Snoozing through the storm: torpor use during a natural disaster

Sci Rep. 2015 Jun 15;5:11243. doi: 10.1038/srep11243.


Although storms provide an extreme environmental challenge to organisms and are predicted to increase in frequency and intensity due to climate change, there are no quantitative observations on the behaviour and physiology of animals during natural disasters. We provide the first data on activity and thermal biology of a free-ranging, arboreal mammal during a storm with heavy rain and category 1 cyclone wind speeds. We studied a population of sugar gliders (Petaurus breviceps), a species vulnerable to bad weather due to their small body size and mode of locomotion, in a subtropical habitat during spring when storms are common. Although torpor is generally rare in this species, sugar gliders remained inactive or reduced foraging times during the storm and further minimized energy demands by entering deep torpor. All animals survived the storm and reverted to normal foraging activity during the following night(s). It thus appears that heterothermic mammals have a crucial adaptive advantage over homeothermic species as they can outlast challenging weather events, such as storms and floods, by reducing metabolism and thus energetic needs.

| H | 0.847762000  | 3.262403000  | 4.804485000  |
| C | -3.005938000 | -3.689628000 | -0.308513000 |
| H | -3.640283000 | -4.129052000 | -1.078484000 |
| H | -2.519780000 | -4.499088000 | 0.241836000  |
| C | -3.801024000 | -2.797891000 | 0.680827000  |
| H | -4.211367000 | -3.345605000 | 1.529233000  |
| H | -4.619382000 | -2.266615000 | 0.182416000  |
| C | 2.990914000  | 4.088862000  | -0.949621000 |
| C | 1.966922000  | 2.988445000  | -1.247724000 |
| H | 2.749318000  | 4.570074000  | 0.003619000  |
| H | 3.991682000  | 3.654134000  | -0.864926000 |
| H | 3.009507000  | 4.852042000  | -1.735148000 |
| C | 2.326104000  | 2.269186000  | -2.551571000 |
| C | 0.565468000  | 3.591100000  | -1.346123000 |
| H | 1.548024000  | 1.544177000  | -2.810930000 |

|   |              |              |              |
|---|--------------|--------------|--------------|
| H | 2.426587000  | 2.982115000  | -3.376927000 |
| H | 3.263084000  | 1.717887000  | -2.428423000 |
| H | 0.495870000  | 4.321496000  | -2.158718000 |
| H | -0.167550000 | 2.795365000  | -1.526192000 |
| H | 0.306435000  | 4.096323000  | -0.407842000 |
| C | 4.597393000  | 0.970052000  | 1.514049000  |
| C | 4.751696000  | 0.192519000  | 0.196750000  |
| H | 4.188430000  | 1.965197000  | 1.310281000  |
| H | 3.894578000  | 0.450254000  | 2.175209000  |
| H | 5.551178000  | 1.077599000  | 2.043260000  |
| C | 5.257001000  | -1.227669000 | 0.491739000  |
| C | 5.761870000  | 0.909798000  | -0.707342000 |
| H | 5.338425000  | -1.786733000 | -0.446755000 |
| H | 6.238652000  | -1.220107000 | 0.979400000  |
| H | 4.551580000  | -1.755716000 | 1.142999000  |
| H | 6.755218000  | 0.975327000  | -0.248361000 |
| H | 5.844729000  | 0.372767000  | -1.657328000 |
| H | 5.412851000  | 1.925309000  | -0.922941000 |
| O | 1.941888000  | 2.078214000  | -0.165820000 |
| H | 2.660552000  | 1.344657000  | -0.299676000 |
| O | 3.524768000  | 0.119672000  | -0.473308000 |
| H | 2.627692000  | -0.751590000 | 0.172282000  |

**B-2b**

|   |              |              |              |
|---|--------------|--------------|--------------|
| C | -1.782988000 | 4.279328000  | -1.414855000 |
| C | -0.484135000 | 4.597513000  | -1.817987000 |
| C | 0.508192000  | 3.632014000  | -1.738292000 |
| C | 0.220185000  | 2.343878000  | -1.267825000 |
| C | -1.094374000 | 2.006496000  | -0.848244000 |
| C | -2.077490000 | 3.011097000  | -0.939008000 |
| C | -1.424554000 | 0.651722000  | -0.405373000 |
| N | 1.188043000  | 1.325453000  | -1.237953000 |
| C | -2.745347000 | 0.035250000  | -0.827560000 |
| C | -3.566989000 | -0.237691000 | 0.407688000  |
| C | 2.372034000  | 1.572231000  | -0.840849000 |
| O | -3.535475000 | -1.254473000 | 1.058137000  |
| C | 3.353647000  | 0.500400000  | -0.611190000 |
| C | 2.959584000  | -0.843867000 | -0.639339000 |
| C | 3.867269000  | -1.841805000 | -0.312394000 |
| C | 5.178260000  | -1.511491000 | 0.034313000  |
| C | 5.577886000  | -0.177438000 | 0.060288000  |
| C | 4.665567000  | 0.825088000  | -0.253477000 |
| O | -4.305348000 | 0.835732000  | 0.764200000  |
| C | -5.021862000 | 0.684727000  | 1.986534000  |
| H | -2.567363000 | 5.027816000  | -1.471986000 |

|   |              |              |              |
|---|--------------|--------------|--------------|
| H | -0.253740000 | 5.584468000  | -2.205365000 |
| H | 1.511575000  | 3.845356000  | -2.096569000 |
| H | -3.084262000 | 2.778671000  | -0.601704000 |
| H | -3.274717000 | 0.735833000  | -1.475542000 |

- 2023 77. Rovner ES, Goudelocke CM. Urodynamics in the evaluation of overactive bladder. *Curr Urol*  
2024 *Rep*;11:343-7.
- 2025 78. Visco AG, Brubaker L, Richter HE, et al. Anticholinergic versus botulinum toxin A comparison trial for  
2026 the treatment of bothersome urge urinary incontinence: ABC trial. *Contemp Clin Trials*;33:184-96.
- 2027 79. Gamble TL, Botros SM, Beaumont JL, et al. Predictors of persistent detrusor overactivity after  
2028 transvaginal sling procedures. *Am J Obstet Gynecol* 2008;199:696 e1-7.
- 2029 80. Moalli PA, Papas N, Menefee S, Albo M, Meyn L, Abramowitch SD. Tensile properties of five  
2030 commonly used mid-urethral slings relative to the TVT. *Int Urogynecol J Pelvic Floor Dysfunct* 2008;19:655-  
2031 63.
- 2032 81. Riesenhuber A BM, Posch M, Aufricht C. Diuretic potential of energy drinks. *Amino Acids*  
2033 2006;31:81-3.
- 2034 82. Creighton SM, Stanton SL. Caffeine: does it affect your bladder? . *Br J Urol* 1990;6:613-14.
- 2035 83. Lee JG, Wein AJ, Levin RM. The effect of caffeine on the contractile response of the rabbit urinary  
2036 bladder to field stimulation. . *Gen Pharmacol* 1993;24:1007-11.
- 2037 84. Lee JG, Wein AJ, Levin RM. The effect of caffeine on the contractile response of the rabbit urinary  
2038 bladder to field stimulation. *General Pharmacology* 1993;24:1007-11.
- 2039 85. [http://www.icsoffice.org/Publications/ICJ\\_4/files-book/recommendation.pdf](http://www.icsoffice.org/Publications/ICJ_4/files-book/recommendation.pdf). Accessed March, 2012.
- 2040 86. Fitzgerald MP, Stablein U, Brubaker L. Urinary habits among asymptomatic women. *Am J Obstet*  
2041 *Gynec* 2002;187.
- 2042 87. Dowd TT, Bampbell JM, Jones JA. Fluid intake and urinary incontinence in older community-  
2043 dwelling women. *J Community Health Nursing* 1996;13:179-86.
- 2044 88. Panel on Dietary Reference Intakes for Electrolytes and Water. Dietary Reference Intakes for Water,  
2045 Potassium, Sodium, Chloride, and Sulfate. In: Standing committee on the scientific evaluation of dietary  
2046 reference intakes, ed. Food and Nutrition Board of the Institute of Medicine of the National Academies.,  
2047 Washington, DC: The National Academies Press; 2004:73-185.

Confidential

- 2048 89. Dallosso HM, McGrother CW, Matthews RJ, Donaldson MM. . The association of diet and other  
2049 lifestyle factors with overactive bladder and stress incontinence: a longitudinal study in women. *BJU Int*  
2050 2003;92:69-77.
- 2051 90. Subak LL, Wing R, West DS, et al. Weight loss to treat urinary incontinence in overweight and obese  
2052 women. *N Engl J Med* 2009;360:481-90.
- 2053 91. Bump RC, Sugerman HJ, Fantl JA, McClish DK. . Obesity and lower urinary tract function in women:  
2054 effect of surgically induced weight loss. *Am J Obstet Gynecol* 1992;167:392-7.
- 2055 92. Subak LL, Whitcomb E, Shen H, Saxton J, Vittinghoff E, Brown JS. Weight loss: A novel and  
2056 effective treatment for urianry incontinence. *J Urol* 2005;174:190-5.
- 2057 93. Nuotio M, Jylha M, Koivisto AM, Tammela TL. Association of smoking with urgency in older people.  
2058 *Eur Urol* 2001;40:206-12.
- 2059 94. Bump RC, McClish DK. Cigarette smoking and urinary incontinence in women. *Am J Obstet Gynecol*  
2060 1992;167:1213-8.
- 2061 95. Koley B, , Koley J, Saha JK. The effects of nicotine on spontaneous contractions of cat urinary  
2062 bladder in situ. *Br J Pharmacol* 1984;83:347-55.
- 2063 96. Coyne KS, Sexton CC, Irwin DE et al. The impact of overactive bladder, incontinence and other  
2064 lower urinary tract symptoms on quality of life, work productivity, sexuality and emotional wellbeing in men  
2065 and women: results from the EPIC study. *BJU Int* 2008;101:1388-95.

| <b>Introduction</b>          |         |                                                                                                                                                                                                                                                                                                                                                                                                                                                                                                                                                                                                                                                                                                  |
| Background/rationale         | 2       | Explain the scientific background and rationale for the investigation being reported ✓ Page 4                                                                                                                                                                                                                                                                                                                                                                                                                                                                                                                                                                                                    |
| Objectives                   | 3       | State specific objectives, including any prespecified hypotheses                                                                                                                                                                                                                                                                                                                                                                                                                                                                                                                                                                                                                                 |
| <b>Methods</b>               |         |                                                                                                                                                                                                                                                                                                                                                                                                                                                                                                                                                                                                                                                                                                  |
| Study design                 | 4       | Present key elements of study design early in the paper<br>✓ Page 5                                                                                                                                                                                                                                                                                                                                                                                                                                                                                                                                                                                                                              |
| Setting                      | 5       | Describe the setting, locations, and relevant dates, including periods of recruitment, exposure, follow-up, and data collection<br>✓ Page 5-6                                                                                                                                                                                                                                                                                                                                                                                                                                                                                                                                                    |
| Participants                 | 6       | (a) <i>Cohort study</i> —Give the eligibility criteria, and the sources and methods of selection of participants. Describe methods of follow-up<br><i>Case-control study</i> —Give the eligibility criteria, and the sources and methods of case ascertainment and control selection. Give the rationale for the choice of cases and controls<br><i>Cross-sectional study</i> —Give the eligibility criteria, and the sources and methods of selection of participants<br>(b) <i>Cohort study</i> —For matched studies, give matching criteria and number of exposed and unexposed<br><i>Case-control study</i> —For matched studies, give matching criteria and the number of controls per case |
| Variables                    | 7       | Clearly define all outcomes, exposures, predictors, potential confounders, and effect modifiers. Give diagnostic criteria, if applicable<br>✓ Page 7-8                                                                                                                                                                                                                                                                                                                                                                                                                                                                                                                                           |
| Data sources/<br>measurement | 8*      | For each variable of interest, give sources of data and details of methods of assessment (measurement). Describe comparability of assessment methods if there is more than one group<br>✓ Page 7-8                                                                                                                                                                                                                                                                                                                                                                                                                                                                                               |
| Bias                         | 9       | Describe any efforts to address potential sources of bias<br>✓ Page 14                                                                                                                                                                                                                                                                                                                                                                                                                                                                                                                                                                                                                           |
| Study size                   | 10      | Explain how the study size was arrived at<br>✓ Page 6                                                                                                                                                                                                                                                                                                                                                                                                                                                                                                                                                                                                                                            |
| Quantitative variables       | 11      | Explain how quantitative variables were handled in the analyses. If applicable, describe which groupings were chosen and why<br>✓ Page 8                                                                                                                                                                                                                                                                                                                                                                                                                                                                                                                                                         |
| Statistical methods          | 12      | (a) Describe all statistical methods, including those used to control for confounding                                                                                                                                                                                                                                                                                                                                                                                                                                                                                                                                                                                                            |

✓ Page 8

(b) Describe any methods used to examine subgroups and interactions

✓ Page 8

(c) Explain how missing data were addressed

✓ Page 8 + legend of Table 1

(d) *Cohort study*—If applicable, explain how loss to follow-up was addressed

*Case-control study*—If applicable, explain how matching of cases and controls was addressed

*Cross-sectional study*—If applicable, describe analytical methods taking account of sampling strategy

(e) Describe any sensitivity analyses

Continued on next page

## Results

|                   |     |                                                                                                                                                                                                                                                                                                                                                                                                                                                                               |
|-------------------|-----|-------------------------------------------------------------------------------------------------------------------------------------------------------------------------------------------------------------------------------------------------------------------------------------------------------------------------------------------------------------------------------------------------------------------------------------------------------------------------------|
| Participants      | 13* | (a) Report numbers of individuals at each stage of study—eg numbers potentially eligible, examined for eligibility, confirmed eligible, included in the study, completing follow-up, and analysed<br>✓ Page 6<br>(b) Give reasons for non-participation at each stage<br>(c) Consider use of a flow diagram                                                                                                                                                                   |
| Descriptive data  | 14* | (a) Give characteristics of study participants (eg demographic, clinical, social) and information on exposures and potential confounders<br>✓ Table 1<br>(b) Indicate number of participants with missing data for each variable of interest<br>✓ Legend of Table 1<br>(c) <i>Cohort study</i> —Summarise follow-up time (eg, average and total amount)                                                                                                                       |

Publication types

  • Research Support, Non-U.S. Gov't

MeSH terms

  • Adaptation, Biological
  • Animals
  • Australia
  • Body Size
  • Body Temperature Regulation / physiology*
  • Cyclonic Storms*
  • Disasters
  • Energy Metabolism / physiology*
  • Locomotion / physiology
  • Marsupialia / physiology*
  • Nesting Behavior / physiology*
  • Seasons
  • Torpor / physiology*